Forget calorie counting, it may be time for a fashion diet

As the fashion industry is repeatedly condemned for having disastrous effects on the environment the question arises – is it time for consumers to go on a fashion diet?

With fears increasing over climate change more and more fashion brands have made promises to lesser their damage to the environment by various methods such as using more sustainable materials and altering manufacturing processes. However, are these changes enough or do consumers have a responsibility to alter their purchasing habits?

Photo courtesy of Vogue Images

Coined by Vogue in 2018, the term ‘fashion diet’ essentially means shopping sensibly. Could it offer a straightforward alternative to the search for sustainable materials and production processes or is asking a 21st century consumer to cut back on buying new clothes unrealistic?

Owner of Maidstone-based second hand vintage store Trash or Treasure, Jason Howard, believes the sustainability movement within the fashion industry will be a passing phase unless people change their need for gratification from buying goods.

Vintage offerings inside Trash or Treasure. Photo courtesy of Trash or Treasure

Oxfam saw success last month with their Second Hand September campaign that urged shoppers to not buy any new clothing during the month and instead shop second hand. Over 60,000 people pledged to do so.

Photo courtesy of
Ian Francis/Alamy

Oxfam sustainable fashion expert Fee Gilfeather told Retail Gazette, “The industry needs to change and second-hand retail is just one way that consumers can use their shopping behaviour to make a difference to the 11 million garments that go to UK landfill every week.”

Part of Oxfam’s Second Hand September campaign. Photo courtesy of Oxfam

Despite the success of the scheme and the awareness raised there are concerns that encouraging consumers to only buy second hand for a month is simply not enough.

Gilfeather went on to tell Retail Gazette, “We hope that by taking the challenge to break the cycle of buying new clothes for just one month, people who do second-hand September will be able to review their shopping habits and make more sustainable choices in [the] future.”

When speaking to Retail Gazette about Oxfam’s campaign, chief executive of dry cleaning service I Hate Ironing, Matt Connelly, said, “While this is a nice marketing angle from Oxfam it’s not a solution to the bigger issue. We need to move away from encouraging more textile consumption of any type”.

But how will fashion companies, particularly fast fashion brands, make money out of encouraging their customers to buy less or second hand?

Online fashion retailer Asos proved to be ahead of its competitors when it launched Asos Marketplace in 2010, an online platform for independent brands and vintage boutiques. Since its conception the platform has grown and now represents over 800 boutiques worldwide. By featuring vintage sellers and boutiques on the marketplace division of their website Asos not only engages in the idea of a shared economy which has proved increasingly popular amongst millennials but presents their brand image as multi-faceted and versatile.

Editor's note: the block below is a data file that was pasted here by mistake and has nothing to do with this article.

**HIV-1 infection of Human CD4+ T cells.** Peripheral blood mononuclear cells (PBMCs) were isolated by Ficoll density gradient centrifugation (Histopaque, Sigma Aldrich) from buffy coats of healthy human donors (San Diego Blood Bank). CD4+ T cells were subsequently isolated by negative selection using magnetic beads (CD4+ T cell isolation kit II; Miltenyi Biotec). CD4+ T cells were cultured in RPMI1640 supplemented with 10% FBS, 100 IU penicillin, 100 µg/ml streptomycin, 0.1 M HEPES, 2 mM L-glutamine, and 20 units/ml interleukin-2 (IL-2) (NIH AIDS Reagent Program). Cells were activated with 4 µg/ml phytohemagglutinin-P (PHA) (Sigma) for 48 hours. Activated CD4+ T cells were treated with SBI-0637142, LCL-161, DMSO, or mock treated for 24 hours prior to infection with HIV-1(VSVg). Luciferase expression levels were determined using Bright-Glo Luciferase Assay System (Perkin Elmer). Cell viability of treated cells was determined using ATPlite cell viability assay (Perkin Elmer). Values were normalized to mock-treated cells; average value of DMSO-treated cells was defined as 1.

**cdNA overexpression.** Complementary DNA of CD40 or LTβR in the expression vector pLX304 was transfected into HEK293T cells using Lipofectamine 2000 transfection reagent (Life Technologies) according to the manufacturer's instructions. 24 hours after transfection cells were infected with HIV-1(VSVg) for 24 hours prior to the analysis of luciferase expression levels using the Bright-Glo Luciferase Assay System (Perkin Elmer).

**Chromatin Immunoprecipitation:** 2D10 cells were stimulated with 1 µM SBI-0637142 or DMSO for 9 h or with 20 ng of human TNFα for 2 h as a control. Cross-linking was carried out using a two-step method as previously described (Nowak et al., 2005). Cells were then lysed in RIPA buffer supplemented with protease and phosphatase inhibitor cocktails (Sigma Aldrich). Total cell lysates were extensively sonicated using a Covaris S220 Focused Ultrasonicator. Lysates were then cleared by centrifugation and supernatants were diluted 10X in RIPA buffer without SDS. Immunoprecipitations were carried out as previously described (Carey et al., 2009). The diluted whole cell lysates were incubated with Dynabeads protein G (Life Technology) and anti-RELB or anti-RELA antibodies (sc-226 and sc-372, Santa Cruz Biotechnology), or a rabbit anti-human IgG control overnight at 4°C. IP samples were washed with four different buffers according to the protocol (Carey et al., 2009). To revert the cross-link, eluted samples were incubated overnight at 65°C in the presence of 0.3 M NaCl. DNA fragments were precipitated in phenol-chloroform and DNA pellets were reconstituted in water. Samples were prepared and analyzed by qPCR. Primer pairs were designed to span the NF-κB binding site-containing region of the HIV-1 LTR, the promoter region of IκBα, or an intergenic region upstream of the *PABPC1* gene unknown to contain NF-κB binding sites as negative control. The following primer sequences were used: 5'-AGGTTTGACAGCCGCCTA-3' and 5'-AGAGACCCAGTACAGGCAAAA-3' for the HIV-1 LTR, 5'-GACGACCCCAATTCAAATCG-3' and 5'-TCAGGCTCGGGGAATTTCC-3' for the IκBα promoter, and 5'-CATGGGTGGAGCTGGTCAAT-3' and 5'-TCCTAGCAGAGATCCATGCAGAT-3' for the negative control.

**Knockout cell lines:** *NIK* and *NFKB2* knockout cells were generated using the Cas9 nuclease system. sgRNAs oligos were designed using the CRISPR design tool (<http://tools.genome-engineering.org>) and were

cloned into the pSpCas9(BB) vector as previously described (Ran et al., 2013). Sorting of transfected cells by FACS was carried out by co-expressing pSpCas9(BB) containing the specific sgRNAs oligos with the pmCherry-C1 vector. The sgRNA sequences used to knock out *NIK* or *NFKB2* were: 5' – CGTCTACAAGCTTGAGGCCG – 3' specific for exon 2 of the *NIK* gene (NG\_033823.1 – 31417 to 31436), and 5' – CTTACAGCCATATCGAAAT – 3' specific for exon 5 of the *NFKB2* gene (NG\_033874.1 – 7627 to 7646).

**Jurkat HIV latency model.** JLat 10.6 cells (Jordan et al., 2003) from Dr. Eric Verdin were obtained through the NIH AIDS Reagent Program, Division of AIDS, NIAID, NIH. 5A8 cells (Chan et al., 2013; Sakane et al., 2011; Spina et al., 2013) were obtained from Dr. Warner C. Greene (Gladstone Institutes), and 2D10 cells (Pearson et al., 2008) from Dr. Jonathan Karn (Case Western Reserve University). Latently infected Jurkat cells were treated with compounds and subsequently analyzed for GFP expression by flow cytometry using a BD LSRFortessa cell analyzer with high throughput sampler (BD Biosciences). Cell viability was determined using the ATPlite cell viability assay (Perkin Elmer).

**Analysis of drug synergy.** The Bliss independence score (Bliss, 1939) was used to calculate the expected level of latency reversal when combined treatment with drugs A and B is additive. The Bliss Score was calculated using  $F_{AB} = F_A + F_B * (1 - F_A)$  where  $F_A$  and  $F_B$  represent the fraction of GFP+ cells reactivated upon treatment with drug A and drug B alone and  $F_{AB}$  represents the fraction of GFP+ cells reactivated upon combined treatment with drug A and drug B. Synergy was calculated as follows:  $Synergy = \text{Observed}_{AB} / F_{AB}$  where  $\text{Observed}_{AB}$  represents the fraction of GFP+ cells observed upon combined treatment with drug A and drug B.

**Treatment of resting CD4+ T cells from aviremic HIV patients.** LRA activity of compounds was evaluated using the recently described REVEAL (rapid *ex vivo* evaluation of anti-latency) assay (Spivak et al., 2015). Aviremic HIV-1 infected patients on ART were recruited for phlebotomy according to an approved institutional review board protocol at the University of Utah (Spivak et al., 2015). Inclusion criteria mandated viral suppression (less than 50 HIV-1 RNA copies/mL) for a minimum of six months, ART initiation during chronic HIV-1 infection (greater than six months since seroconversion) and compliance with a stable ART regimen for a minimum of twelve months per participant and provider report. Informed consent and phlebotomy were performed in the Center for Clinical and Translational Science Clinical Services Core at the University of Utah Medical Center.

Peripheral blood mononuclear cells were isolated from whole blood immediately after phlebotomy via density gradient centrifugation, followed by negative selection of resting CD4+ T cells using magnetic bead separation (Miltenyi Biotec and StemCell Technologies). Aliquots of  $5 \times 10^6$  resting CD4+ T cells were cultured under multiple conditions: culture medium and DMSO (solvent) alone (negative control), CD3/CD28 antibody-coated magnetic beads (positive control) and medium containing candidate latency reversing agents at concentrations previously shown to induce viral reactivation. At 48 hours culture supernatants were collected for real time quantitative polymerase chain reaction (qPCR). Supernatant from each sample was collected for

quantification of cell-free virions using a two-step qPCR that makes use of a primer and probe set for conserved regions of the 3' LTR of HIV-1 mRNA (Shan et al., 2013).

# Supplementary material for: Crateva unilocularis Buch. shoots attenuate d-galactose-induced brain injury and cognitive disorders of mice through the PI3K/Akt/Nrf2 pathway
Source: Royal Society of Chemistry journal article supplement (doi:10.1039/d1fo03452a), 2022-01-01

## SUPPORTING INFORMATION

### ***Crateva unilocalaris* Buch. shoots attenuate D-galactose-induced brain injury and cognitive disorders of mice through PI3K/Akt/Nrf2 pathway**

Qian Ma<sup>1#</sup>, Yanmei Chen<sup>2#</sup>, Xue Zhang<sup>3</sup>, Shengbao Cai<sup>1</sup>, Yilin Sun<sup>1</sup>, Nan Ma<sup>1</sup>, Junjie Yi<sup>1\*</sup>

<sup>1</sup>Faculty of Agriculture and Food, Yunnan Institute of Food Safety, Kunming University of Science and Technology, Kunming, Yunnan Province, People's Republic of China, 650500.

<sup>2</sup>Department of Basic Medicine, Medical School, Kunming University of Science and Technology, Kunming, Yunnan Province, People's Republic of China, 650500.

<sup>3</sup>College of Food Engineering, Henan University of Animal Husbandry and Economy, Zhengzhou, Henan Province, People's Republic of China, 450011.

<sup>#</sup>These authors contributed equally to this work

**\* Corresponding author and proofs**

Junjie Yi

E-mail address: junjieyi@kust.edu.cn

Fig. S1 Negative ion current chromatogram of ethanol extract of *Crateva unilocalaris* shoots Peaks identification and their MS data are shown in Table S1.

Peer-to-peer social shopping app Depop was launched a year later in 2011 and has been dubbed ‘Gen Z’s favourite shopping app’. It too celebrates the concept of a shared economy whereby users can sell on unwanted clothing and accessories and purchase second hand items themselves via the app.

Photo courtesy of
Pixelbay/Alixe Wiley

The popularity of these platforms is part of a growing trend. The second hand market has grown 21 times faster than the wider retail market over the past three years, according to research compiled by GlobalData for online retailer Thredup.

Howard proposes high street fashion brands restyle old fashions and garments in order to embrace the second hand market instead of repeatedly launching new sales.

If fashion brands fail to venture into this market they could suffer. A big indication of sustainability’s importance within the fashion industry is the dominance of environmentally-conscious brands seen at London Fashion Week.

The LFW celebration of sustainable fashion designer DrNOKI becoming Hoi Polloi’s artist in residence. Photo courtesy of DAVID M. BENETT/DAVE BENETT/GETTY IMAGES FOR ACE HOTEL

EMEA director at liquidation firm B-Stock, Ben Whitaker, told Retail Gazette, “More retailers are realising that their sustainable actions are having a direct effect on their reputation and brand image as more consumers make environmentally conscious shopping decisions.”

Second hand clothes shopping is increasingly becoming part of the fashion industry’s push for more environmentally-friendly practices due to schemes like Oxfam’s Second Hand September and the growth of the fashion resale market. Therefore, if fast fashion brands don’t encourage sensible and second hand shopping they could risk losing customers to companies that do.

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